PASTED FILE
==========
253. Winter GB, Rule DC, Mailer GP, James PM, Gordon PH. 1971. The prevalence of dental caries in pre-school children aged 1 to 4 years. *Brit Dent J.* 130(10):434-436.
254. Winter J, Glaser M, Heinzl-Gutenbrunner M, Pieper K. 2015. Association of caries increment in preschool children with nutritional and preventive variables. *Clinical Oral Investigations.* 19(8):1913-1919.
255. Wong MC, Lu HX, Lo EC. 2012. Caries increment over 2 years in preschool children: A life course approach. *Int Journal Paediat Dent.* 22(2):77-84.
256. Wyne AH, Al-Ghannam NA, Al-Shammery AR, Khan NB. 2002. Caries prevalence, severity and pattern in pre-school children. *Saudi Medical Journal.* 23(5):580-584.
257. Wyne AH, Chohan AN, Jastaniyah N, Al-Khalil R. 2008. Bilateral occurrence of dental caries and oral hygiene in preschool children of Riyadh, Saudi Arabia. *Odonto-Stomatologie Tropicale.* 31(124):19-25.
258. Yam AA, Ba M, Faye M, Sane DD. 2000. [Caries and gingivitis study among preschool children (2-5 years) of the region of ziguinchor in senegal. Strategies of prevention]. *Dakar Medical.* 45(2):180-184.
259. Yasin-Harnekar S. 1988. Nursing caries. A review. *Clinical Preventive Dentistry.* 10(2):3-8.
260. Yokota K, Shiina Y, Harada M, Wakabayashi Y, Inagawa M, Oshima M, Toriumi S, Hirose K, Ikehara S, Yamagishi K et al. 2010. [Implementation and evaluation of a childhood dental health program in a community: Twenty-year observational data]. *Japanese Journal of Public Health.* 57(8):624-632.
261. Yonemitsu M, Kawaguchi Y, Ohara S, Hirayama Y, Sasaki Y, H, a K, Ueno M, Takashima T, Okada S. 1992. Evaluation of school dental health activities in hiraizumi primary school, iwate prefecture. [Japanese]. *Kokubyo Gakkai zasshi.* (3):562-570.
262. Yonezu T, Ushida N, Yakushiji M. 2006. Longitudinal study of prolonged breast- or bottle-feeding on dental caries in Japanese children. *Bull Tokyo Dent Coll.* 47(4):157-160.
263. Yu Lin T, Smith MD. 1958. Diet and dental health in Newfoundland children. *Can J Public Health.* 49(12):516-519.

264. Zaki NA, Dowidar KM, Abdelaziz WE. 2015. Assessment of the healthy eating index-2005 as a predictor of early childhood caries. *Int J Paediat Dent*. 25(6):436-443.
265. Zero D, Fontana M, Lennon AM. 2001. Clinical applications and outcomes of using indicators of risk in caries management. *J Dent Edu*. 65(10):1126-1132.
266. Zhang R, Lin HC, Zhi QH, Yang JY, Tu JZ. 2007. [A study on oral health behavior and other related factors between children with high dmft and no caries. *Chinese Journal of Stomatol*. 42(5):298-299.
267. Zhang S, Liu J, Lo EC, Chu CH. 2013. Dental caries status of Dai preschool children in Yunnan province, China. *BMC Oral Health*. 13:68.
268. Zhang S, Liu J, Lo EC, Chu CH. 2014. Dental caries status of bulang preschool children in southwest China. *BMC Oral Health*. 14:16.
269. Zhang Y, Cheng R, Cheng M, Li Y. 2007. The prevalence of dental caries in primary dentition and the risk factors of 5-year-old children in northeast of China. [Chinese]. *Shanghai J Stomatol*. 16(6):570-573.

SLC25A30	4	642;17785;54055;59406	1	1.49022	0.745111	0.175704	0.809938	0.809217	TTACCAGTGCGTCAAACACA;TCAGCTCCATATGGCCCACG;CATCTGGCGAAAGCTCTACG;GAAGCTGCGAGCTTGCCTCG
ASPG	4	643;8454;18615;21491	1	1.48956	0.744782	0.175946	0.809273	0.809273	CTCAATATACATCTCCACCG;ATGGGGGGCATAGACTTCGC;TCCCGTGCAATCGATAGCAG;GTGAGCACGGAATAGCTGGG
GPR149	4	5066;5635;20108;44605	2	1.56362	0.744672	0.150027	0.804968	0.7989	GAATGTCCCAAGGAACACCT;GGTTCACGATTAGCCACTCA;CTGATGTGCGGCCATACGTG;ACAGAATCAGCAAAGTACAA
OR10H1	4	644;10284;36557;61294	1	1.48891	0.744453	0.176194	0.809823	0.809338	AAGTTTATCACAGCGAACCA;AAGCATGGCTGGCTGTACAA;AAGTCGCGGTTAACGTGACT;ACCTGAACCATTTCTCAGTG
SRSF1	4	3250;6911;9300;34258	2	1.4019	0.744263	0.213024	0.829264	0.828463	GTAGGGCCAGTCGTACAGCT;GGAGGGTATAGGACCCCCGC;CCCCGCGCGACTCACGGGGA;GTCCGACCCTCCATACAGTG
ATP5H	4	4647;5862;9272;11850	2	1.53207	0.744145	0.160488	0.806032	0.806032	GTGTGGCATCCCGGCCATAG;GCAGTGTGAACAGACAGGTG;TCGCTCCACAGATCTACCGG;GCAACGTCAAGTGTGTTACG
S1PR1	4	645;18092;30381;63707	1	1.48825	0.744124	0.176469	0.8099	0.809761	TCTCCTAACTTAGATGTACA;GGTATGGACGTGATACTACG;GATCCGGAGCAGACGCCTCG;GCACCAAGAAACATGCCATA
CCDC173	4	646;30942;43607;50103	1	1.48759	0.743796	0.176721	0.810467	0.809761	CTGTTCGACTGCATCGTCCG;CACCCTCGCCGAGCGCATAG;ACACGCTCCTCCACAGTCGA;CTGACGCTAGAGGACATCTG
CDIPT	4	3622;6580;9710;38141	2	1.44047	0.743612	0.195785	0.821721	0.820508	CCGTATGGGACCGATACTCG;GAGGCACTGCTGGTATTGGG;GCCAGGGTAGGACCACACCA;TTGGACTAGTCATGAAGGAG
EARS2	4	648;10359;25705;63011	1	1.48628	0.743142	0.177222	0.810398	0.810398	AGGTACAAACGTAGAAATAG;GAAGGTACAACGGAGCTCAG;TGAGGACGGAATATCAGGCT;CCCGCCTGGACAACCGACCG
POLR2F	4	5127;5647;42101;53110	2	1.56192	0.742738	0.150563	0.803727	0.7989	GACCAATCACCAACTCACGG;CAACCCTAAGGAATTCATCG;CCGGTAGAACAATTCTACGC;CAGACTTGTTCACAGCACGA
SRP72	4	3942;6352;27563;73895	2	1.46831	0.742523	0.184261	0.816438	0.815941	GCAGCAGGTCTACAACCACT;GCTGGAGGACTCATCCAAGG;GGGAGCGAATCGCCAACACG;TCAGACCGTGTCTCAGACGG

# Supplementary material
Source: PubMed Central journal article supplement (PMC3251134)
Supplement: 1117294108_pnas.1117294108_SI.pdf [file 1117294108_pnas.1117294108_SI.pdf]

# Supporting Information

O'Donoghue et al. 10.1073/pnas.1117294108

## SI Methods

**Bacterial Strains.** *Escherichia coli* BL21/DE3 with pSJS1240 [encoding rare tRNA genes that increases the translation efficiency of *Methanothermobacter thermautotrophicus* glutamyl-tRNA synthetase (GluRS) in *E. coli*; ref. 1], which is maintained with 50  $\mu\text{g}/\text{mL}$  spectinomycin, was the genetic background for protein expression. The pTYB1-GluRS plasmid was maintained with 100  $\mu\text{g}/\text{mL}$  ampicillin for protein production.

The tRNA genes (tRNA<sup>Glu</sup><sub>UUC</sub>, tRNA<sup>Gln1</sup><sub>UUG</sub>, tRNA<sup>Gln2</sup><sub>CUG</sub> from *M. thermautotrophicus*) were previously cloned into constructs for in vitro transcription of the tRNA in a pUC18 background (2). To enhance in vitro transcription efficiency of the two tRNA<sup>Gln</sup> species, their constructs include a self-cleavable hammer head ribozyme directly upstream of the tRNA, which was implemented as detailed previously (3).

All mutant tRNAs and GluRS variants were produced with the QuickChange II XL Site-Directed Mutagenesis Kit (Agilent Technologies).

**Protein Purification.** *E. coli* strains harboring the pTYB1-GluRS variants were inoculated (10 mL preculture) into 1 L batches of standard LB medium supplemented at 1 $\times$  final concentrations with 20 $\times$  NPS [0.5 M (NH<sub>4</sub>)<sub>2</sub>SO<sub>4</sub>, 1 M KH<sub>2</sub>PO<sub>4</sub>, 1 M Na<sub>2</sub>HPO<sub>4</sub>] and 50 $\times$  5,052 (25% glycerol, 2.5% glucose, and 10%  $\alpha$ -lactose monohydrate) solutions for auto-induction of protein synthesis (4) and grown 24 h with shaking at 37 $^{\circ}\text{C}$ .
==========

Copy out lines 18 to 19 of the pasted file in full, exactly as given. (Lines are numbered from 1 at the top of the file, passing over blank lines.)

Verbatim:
SLC25A30	4	642;17785;54055;59406	1	1.49022	0.745111	0.175704	0.809938	0.809217	TTACCAGTGCGTCAAACACA;TCAGCTCCATATGGCCCACG;CATCTGGCGAAAGCTCTACG;GAAGCTGCGAGCTTGCCTCG
ASPG	4	643;8454;18615;21491	1	1.48956	0.744782	0.175946	0.809273	0.809273	CTCAATATACATCTCCACCG;ATGGGGGGCATAGACTTCGC;TCCCGTGCAATCGATAGCAG;GTGAGCACGGAATAGCTGGG